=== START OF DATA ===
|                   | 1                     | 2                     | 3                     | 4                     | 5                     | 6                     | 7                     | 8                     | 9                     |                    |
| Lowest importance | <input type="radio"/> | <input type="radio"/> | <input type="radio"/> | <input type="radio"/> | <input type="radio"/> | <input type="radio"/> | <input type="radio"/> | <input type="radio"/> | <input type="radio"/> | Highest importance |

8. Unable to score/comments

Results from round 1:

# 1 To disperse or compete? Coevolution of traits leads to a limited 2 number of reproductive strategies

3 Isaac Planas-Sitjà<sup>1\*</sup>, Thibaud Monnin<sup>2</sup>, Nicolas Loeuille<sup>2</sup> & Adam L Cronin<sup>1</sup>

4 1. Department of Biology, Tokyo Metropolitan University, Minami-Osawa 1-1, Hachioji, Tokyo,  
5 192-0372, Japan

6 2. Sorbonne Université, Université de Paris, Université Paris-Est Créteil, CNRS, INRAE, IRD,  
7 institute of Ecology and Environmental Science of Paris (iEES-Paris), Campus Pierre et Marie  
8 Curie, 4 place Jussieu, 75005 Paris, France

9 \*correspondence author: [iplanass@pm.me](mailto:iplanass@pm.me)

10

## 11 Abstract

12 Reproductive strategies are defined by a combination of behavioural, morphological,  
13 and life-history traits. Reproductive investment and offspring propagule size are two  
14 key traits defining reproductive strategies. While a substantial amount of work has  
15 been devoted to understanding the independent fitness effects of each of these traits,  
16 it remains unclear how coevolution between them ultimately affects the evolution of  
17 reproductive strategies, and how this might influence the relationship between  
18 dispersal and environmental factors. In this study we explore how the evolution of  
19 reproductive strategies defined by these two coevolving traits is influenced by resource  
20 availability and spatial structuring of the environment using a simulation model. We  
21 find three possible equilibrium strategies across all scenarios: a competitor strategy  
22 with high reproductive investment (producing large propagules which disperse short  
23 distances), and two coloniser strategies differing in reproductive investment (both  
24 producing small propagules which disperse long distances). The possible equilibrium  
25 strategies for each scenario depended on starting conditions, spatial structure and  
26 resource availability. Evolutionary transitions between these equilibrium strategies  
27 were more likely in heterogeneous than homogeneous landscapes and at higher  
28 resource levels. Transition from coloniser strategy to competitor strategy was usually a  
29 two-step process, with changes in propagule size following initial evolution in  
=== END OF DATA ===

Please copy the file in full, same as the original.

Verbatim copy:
|                   | 1                     | 2                     | 3                     | 4                     | 5                     | 6                     | 7                     | 8                     | 9                     |                    |
| Lowest importance | <input type="radio"/> | <input type="radio"/> | <input type="radio"/> | <input type="radio"/> | <input type="radio"/> | <input type="radio"/> | <input type="radio"/> | <input type="radio"/> | <input type="radio"/> | Highest importance |

8. Unable to score/comments

Results from round 1:

# 1 To disperse or compete? Coevolution of traits leads to a limited 2 number of reproductive strategies

3 Isaac Planas-Sitjà<sup>1\*</sup>, Thibaud Monnin<sup>2</sup>, Nicolas Loeuille<sup>2</sup> & Adam L Cronin<sup>1</sup>

4 1. Department of Biology, Tokyo Metropolitan University, Minami-Osawa 1-1, Hachioji, Tokyo,  
5 192-0372, Japan

6 2. Sorbonne Université, Université de Paris, Université Paris-Est Créteil, CNRS, INRAE, IRD,  
7 institute of Ecology and Environmental Science of Paris (iEES-Paris), Campus Pierre et Marie  
8 Curie, 4 place Jussieu, 75005 Paris, France

9 \*correspondence author: [iplanass@pm.me](mailto:iplanass@pm.me)

10

## 11 Abstract

12 Reproductive strategies are defined by a combination of behavioural, morphological,  
13 and life-history traits. Reproductive investment and offspring propagule size are two  
14 key traits defining reproductive strategies. While a substantial amount of work has  
15 been devoted to understanding the independent fitness effects of each of these traits,  
16 it remains unclear how coevolution between them ultimately affects the evolution of  
17 reproductive strategies, and how this might influence the relationship between  
18 dispersal and environmental factors. In this study we explore how the evolution of  
19 reproductive strategies defined by these two coevolving traits is influenced by resource  
20 availability and spatial structuring of the environment using a simulation model. We  
21 find three possible equilibrium strategies across all scenarios: a competitor strategy  
22 with high reproductive investment (producing large propagules which disperse short  
23 distances), and two coloniser strategies differing in reproductive investment (both  
24 producing small propagules which disperse long distances). The possible equilibrium  
25 strategies for each scenario depended on starting conditions, spatial structure and  
26 resource availability. Evolutionary transitions between these equilibrium strategies  
27 were more likely in heterogeneous than homogeneous landscapes and at higher  
28 resource levels. Transition from coloniser strategy to competitor strategy was usually a  
29 two-step process, with changes in propagule size following initial evolution in  